Remarks by Foreign Minister Jorge Arreaza at the 48th OAS General Assembly - MPPRE

Remarks by Foreign Minister Jorge Arreaza at the 48th OAS General Assembly

An attempt is being made here to organize a strategy against Venezuela. It is illegal, spurious; it does not exist in law. It is undignified, ethically and openly in violation of international law, the United Nations Charter and this organization’s own Charter, as we said throughout the morning. It is a tragedy. The tragedy of an organization that is useless. I repeat, useless to attend to the great problems of our peoples. It has unfortunately recovered its role as the Department of Colonies of the U.S. Empire. And what is the comedy, you may ask. The comedy of this story is that they are attempting to expel, to suspend, Venezuela when Venezuela is already no longer part of this organization. All of you know that Venezuela, in legitimate use of its sovereignty, on April 28, 2017, denounced the OAS Constitutive Treaty and began the process for its formal withdrawal. Is this not tragicomic? To approve the expulsion from, a sanction by, an organization from which the State had already decided to withdraw in a sovereign manner. That is why, upon ratifying our denouncing of the Constitutive Treaty of these bodies, we denounce the United States as being the country that has perverted this organization. Today the OAS is a multilateral organization that practices unilateralism, where a double standard reigns: the arrogant behavior of a State against that of the majority. Let us recall that Venezuela had already denounced the Inter-American Treaty of Reciprocal Assistance (TIAR, by its Spanish language acronym) in 2009. We decided to withdraw from the Inter-American System on Human Rights and the Inter-American System of Justice in such a way that the step we took last year was the next logical step in what for us is a failed Inter-American System. We also denounce the fierce pressure received by some sibling governments, some of whom are small countries, to attack Venezuela and join the initiative of bigger countries. All sorts of pressure. It reminds us of those years when Cuba was also attacked by this institution, when great pressure was applied to finally make that grim decision. The Vice President of the United States, Mike Pence, was right here. He gave instructions; he orders and the gentlemen who have joined together against Venezuela, the governments who have joined together against Venezuela, tomorrow want to tell Mr. Pence and Mr. Pence, as they say in the military: mission accomplished. We did what you ordered us to do. It is outrageous. Just as it is outrageous to consider that Caribbean countries, as the U.S. Ambassador said here, Caribbean countries have to do what the United States wants, and that the U.S. will no longer offer support to those Caribbean countries who decide for themselves. Our response to the U.S.: Keep the OAS. We are not interested in it. We will give it to you. We can tie a nice bow around it and give it to you. For us, withdrawing from the OAS is a cause for joy; it asserts our sovereignty, our independence. And we are proud to no longer belong to this institution. Last year, on August 8, President Trump threatened Venezuela with the use of force, in violation of a founding principle that appears in the first clauses of the United Nations Charter. What was the reaction by the OAS? None. Simply put, the greatest military power in the world threatened a member of the OAS , a member of the United Nations, and our friends at the OAS were not concerned in the least. Article 21 – not of the Democratic Charter but of the OAS – establishes that the territory of a State is inviolable. It cannot be subject to military occupation nor to other forceful measures taken by a member State directly or indirectly, regardless of the motive, even if it is temporary. I have here the minutes, and with this I will begin to conclude, of the conference, the Tenth Meeting of Consultation of Foreign Ministers, this was in the years 1965 to 1970, regarding the invasion of the Dominican Republic. Note what they resolved:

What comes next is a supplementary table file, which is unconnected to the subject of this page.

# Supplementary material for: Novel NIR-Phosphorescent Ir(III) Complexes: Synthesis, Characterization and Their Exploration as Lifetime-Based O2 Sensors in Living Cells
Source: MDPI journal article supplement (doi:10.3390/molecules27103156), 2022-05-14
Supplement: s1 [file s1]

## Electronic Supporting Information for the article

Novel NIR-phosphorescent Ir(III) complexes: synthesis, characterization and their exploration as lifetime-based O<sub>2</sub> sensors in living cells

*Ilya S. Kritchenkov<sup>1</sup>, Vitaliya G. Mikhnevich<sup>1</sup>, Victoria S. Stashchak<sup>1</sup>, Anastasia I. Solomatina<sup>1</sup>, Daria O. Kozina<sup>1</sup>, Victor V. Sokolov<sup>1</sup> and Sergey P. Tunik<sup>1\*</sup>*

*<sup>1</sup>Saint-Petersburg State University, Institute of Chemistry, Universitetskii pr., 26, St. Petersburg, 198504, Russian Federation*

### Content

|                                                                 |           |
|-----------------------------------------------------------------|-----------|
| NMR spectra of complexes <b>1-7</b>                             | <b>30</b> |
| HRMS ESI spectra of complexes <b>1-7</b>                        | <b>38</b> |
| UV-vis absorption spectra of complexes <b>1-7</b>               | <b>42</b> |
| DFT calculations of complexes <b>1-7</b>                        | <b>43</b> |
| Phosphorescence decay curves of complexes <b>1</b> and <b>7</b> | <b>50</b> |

“To address an urgent appeal to all member states to place at the disposal of the General Secretariat of the Organization of American States, to the extent of their capabilities, trained medical personnel, food, medicines, and medical supplies to be sent immediately to the Dominican Republic for the humanitarian purpose of giving succor to the population of that country, according to their needs and without regard to their participation in the disturbances.”
The Humanitarian Crisis. And what did they immediately resolve?
“To request governments of member states that are willing and capable of doing so to make contingents of their land, naval, air or police forces available to the Organization of American States, within their capabilities and to the extent they can do so, to form an Inter-American force that will operate under the authority of this Tenth Meeting of Consultation.”
What was that? When you search an encyclopedia or on the Internet for what happened in the Dominican Republic in 1965, it is the United States invasion, endorsed by this organization. How many years have passed? And now they are attempting to do the exact same thing with Venezuela. We insist that Venezuela is a country that is able to defend itself. Its people are absolutely aware of the need to defend the country and nothing like this will ever occur. Because if they suffered defeats in Vietnam, they will suffer a thousand defeats in a Latin America on fire, should there be an attack on Venezuela. Since 2014, fourteen legal instruments have been issued: laws, decrees or regulations that sanction the Bolivarian Republic of Venezuela. In just two years, the administration of Donald Trump has already enacted four rounds of sanctions. Since 2017, the U.S. has opted to punish Venezuela through the application of unilateral and coercive sanctions, particularly in the economic and financial fields, of the same form they have applied against countries the U.S. Empire has conflicts with, like Cuba, Russia, Iran and Syria, among others. These measures, sirs, are harming the Venezuelan people. When we cannot acquire medical supplies, medicine, supplies for production, raw materials, when we cannot trade our bonds to lift our finances, when we receive no types of loans or lines of credit from international bodies, it is precisely due to these sanctions. What are they playing at? Why this cynicism? As I said to Mr. Pompeo this morning: why this cynicism? They wish to strangle, to besiege, to isolate Venezuela and then they say: No, we will send humanitarian aid to Venezuela. It is all a screen, a guise to justify aggression against Venezuela. The U.S. orders banks to retain funds or block accounts of natural and legal Venezuelan persons, as well as foreigner who wish to maintain commercial relations with Venezuela. They also bring the European Union along with them, for them to sanction Venezuela. The measures by Washington and its international allies against the Bolivarian Republic of Venezuela are causing pain and suffering among the Venezuelan people. This is cynical behavior, it cannot be hidden from impartial observers, and it is a new attack on the principles that govern coexistence among States, on the principles of the constitutive charter of this organization. We will never again be a colony. The humble peoples of Latin America, led by Simón Bolívar, threw the era’s biggest empire out from this continent. We know how to do it, and as such we are not intimidated in the least by the threats, the militarist, supremacist, racist rhetoric from Washington. If the U.S. and its satellite government wish to help the Venezuelan people, they need do only one thing: immediately dismantle this farce and this campaign of aggression; withdraw the sanctions; cease the financial persecution and end the economic and political aggression against the Venezuelan people; respect Venezuelan democracy and its institutions; and return to relations of cooperation with our country. We insist – President Nicolás Maduro has said it a thousand times – that if you wish to discuss Venezuela’s problems, we have the CELAC, the Community of Latin American and Caribbean States. Let us meet there. President Nicolás Maduro will defend the truth about Venezuela in all its aspects and in all fields, but do not assault Venezuela. How many of you, how many of your president have called President Nicolás Maduro? To ask him how to help, how to cooperate, how to come up with solutions. It is truly sad. It is sad. We will continue denouncing the construction of Mr. Trump’s detestable wall, a political and human aberration, a monstrosity of an anachronistic, anti-historic mentality, as well as the expulsion of migrants and the suspension of TPS that attack the peoples of our America. It is a time for unity in Latin America and the Caribbean. Never before has there been such a brazen, imperialist government that insults, as they have insulted the peoples of Our America. Insults that we cannot repeat here. It is time to close ranks among us. Let us not give in, friends, dear friends of the Greater Homeland. Here we are in the main hall of the OAS. So it is good to remember Bolívar today, right here, to invoke his infinite example in the struggle for the independence and liberty of our peoples, his vision of the future. That is why I wish to close with a quote from The Liberator Simón Bolívar, which gives us hope and for which we have struggled. “Peace will be my port, my glory, my reward, my happiness and all that is beautiful in the world.” The Liberator said that on July 23, 1820, and Venezuela, upon withdrawing from the OAS – we are counting down the days – on withdrawing from the OAS we are guaranteeing our country’s peace. Thank you.